What’s not so obvious to consumers is what’s happening in the enterprise business realm. Years ago, you wanted to put up a business domain web site or had a business that required large databases, some required separate servers for clients that are uber security conscious, some needed to have their domain living on a separate server from others (especially the financial and health industries). Others needed production servers, staging servers and then after testing finally deployed an application or web service. Sometimes IT had to physically travel to the colo facility to apply a ‘patch’ to a newly deployed application and hoped that the patch worked as it was supposed to or else everything came to a screeching halt. Businesses lost money, time, and face sometimes. You’d pay Sun, Oracle, Cisco, EMC, etc. millions to deploy servers and DB’s for your environment. You’d spend money on hiring the right technical IT staff to deploy and sync and stitch all of this together. This WAS the norm.

Enterprise today is all moving into a cloud based environment – virtualization is the norm now.

Sun servers were all the rage in the 90’s. But they were VERY expensive. Robust, great customer service, but very costly. Today, you can run a linux box for a fraction of the cost. No more hard drives or servers (blades or otherwise). You can fire up an ‘instance’ and server through AWS in a few minutes. No going into a colo facility. Start-up’s can get to market almost instantaneously and for far less of a cost. You pay for what you use. No more buying a million dollar license for ATG, Vignette or Broadvision and installing 15 discs in a cage. You rent it now. Patches get uploaded by the cloud vendor in a virtual environment and tested before they are deployed to you.

With the rise of this ‘virtualization’, more and more apps or processes now get built into the browser. Java script was written just for this purpose and has allowed for far more sophisticated applications to run in a network environment and now on browsers. Other software will be embedded in browsers as time goes on that will mimic the functionality and hardware on your PC. You can bet on it.

Platform as a Service (PaaS)

Whereas IaaS (infrastructure as a service) providers offer bare compute cycles and SaaS (software as a service) providers offeraccess to such apps as CRM online, PaaS offerings provide turnkey services for developers to get their apps up and running quickly, no infrastructure concerns needed.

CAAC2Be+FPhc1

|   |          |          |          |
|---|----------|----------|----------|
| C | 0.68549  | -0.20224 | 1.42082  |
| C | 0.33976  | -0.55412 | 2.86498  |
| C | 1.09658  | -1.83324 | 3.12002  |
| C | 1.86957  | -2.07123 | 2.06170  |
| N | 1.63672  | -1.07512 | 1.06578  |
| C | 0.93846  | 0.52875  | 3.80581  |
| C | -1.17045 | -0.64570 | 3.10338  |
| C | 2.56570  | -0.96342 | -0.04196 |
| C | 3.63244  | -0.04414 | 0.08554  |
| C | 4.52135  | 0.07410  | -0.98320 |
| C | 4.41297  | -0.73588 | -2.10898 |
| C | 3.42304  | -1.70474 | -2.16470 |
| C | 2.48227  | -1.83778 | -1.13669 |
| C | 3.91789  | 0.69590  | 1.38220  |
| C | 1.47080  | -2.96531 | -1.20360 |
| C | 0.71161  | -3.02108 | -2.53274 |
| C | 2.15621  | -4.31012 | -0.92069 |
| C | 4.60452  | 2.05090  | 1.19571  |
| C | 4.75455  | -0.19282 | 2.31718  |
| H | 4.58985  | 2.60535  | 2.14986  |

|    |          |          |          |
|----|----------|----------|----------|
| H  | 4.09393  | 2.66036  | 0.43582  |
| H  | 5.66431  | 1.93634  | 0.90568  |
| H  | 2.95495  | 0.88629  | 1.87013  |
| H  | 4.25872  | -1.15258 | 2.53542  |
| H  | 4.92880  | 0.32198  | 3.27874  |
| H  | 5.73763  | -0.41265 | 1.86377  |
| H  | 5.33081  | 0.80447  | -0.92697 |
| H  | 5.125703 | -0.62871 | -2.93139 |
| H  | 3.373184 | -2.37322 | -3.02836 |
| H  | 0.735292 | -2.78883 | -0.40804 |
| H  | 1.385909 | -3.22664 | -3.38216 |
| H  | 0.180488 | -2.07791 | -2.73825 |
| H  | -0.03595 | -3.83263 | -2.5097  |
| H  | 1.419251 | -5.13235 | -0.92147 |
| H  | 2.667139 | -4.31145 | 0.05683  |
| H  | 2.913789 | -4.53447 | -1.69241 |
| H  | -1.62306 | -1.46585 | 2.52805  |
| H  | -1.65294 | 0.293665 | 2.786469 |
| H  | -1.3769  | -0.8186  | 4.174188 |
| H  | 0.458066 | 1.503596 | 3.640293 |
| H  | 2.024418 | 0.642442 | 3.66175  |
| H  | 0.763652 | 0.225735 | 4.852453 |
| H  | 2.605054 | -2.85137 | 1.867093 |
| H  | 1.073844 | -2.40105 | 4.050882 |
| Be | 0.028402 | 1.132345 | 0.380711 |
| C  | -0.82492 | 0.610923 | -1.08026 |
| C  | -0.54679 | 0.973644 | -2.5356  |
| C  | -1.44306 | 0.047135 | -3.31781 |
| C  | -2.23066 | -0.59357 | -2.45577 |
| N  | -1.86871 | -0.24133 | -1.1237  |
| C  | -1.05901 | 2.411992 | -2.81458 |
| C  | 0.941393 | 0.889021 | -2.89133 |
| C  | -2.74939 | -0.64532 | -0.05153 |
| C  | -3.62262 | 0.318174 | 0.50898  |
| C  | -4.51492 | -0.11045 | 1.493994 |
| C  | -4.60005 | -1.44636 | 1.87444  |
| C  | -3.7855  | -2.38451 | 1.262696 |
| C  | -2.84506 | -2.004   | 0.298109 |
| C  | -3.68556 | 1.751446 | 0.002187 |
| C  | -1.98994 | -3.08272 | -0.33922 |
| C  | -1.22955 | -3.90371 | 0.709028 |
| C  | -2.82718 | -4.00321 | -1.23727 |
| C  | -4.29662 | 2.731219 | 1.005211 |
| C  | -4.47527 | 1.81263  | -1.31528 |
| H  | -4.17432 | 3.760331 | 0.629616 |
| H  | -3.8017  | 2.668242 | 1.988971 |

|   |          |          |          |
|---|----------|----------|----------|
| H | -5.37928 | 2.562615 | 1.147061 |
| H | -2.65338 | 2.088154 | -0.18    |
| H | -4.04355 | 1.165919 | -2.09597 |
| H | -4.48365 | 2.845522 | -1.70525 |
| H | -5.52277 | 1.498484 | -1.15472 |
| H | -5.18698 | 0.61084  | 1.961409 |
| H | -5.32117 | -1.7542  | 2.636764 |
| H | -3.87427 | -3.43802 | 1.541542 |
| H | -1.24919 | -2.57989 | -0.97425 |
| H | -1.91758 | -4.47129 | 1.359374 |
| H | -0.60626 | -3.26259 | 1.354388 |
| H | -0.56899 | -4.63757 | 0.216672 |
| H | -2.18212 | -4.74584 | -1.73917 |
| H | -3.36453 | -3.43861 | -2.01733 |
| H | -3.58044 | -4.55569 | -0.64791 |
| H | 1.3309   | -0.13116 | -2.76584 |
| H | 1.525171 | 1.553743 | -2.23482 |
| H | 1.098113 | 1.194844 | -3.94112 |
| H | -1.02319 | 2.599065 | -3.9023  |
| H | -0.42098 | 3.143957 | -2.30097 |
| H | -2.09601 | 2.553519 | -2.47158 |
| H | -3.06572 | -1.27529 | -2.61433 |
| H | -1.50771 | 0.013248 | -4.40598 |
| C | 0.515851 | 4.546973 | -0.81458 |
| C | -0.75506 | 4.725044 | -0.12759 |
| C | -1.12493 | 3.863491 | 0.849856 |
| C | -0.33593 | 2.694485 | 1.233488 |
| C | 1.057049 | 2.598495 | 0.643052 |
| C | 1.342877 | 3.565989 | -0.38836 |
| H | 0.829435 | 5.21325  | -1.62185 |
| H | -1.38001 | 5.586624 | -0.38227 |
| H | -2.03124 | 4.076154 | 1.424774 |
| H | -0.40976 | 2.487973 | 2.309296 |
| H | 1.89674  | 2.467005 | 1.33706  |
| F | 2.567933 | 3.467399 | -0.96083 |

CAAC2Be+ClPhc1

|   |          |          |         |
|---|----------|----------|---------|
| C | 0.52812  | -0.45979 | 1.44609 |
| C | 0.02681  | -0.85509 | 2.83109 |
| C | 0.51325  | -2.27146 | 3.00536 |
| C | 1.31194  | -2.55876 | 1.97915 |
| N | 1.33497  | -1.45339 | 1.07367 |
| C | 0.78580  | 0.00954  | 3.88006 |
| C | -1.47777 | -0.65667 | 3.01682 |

Offered as a service, PaaS runs the gamut from development tools to middleware to database software to any “application platform” functionality that developers might require to construct applications. None of these above services come without their problems. But so did everything else before them.

IaaS focuses on managing virtual machines, and the risks are little different than with other cloud types — here, the main risk is rogue or unwarranted commandeering of services. IaaS requires governance and usage monitoring. But with this comes a good degree of convenience and business ROI.

Some of the most popular cloud services running virtually are; Microsoft Windows Azure, Googles App Engine (which offer a nonSQL relational SQL database service), VMware cloud foundry, Force.com ( from salesforce.com), Heroku (also from SF), Amazon Elastic Beanstalk, Engine Ysrd Cloud (for Ruby on Rails enthusiasts), Engine Yard Orchestra (for PHP enthusiasts) and CumuLogic (for Java developers). Consumers never see or hear any of this but use web services that live on these services day in and day out.

What will be obvious to consumers in about 10 years or less

All of this bring me back around to bandwidth and apps. Once we have enough consumers that have access to real fast broadband (100mbps or more down and ideally 200mbps down), then the Apple and Android app store will disappear. Software discs will become obsolete. Video game installation discs – gone. Why, because once you have enough speed, apps can be loaded and accessed wirelessly via the web. The calls to databases, functionality and such can all be received instantly online. Its already happening, slowly. Examples of this in the entertainment space is Ultraviolet, bring your DVD’s to Wal-Mart and upload them to your digital locker – no more disc. Onlive, Livestream, Gaikai all stream video games without the need for a disc, Netflix (you know about them). Consumers are aware of these, but then you’ve also got GoogleDocs and Skydrive for documents and the creation of word and excel docs. We don’t need an install disc anymore.

Last week, it took me 4 days to upload 12,934 MP3’s to my cloud locker at Amazon Music drive. Less time than I ever thought. Available anytime for me to download if need be. That’s nearly $ 13,000 worth of music, stored for as little as $ 20.00 a year.